By Bob Difley

buenos_aires_nwr_campsite2Before my wife, Lynn, and I became homeless and unemployed (the definition of a fulltimer) we stoically endured the interminable winter rains, piercing cold, dark nights that lasted too long and the hours of daylight far too brief. Toneless gray skies and leafless trees had us longing for spring even before the last of the autumn leaves had fluttered away.

We joined the growing ranks of fulltimers on a gray November day, now almost eighteen years ago. Before you could say “continuing rain and high winds” we had flapped our proverbial wings and joined the migrating flock of snowbirds heading south for the dry, warm, sunny desert.

Though we escaped most of the rain and cold, the colorless grays and browns of the desert floor took their place. Sunlit days were still too short. The sun never seemed to rise overhead and started to set before I really got going. Even though the blue-skied days more often than not reached into the 60s, we still looked forward to Mother Nature’s reawakening from her winter slumber.

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When spring eventually grabs a foothold the desert transforms itself into multiple shades of green as lifeless, woody plants sprout tiny leaves. Miniature yellow blossoms erupt on the creosote bushes. Chuparosa, brittlebush, and indigo bush burst with red, yellow, and purple blooms.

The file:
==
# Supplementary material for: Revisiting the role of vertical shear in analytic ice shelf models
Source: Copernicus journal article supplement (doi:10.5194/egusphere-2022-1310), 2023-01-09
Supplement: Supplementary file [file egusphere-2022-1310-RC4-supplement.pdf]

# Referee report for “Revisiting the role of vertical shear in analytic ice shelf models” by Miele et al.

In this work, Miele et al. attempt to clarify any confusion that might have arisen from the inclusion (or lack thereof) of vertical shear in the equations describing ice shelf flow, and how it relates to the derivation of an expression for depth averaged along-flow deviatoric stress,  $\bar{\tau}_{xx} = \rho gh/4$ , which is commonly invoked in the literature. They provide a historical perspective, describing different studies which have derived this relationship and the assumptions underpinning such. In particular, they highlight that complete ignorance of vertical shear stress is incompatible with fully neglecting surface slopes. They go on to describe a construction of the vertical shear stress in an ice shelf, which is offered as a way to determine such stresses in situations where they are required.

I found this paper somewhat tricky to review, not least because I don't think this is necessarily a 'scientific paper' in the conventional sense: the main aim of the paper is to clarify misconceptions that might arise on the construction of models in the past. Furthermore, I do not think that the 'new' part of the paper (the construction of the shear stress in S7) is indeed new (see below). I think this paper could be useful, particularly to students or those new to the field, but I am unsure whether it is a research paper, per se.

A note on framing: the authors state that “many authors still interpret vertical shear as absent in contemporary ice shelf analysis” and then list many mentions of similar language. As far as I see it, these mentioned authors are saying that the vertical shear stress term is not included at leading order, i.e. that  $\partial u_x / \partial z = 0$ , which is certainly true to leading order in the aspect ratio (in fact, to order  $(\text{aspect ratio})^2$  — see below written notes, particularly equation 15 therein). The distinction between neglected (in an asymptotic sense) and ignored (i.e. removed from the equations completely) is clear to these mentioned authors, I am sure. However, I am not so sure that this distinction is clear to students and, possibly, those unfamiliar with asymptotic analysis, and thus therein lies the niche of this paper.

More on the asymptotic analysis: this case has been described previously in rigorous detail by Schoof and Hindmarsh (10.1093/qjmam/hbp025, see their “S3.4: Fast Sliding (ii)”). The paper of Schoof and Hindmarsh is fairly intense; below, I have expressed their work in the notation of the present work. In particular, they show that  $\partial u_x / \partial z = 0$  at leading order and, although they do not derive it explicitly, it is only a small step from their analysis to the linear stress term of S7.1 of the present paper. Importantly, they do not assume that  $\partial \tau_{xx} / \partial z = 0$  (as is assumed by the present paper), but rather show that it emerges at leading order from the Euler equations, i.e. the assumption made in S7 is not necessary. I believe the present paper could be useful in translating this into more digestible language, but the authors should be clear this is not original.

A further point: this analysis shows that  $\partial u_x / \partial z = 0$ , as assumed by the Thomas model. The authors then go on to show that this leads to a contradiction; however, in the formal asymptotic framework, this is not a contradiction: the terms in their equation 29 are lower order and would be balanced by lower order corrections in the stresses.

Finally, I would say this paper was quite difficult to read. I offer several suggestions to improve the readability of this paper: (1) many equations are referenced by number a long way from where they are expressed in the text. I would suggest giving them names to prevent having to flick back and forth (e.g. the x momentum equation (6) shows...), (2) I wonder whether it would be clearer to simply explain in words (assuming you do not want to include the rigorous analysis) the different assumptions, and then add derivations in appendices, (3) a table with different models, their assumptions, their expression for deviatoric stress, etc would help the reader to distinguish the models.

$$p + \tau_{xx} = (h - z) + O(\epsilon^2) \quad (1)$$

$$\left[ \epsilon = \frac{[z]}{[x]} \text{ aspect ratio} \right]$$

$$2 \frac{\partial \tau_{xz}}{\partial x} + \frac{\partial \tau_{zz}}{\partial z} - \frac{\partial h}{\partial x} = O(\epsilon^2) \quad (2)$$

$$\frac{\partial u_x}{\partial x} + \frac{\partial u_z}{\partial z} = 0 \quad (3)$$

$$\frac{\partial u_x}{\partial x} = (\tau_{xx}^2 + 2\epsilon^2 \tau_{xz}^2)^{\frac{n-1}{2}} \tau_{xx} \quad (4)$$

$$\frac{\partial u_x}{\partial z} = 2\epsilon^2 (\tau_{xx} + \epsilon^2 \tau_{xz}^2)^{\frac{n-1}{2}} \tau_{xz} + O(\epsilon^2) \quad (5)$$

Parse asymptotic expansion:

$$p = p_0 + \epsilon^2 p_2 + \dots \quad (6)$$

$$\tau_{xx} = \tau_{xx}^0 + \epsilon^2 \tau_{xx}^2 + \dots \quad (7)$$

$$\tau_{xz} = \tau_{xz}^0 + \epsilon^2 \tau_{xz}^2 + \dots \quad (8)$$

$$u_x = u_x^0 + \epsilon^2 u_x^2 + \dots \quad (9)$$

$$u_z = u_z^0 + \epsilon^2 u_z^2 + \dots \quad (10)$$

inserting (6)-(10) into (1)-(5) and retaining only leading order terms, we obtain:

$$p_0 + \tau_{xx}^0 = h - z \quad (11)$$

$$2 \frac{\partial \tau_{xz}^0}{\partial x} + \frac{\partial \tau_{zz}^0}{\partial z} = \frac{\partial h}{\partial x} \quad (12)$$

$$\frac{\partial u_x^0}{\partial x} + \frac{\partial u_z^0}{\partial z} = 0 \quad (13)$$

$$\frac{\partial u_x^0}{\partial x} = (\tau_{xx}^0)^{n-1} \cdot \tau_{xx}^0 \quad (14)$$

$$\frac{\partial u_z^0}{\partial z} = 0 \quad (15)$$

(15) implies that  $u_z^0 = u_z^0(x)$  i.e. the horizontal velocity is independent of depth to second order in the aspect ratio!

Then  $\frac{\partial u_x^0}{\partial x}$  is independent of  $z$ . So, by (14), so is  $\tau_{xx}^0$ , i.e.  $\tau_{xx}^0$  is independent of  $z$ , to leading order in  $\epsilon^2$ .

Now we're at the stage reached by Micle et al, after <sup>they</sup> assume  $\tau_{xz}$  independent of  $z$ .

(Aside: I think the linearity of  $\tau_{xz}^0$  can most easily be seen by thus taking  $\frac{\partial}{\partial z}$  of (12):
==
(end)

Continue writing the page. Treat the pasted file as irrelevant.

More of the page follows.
My winter eyes were rewarded when delicate wildflowers, like the showy, white Ajo lillies, appearing frail and defenseless, awakened and tentatively poked their heads out into the sunlight. Soon the brilliant orange California and Mexican poppies, bright yellow desert marigolds, soft blue lupine, and red Indian paintbrush turned the desert into a kaleidoscope of living color.

Fortunately for us dedicated boondockers, backroads and public open lands enable us to venture out and enjoy the solitude of the desert and to pursue the visual treats of its spring rejuvenation.

This is when we shake winter’s cobwebs from our heads, flush and fill and charge and stock and take off to the boonies where we can camp out on the vast expanse of the desert floor. New life explodes all around us, carpets of sand verbena, birdcage evening primrose, and prickly poppy carpet the rolling dunes and creep up bajadas on the slopes of craggy gray mountains.

Beds of blue phacelia hide in the shade of palo verde trees, and cacti proudly display their colorful, neon-vivid flowers. The red-tipped spines of the barrel cactus are easily spotted, but it takes a keen eye to find the little fish hook cactus that often hides close to rocks or in crevices.

After a day of exploring my limitless surroundings what better way to end the day than to watch the setting sun paint the evening sky’s whispy clouds with hues of yellow deepening to orange, and burgundy. No intruding lights dim the galaxy’s star show, and until the moon sets, it hangs like a universal night light illuminating the floor around me in its soft natural glow, with only the yipping of coyotes to break the sound of the desert silence.

Check out my website for more RVing tips and destinations and for my ebooks, BOONDOCKING: Finding the Perfect Campsite on America’s Public LandsSnowbird Guide to Boondocking in the Southwestern Deserts, and 111 Ways to Get the Biggest Bang out of your RV Lifestyle Dollar.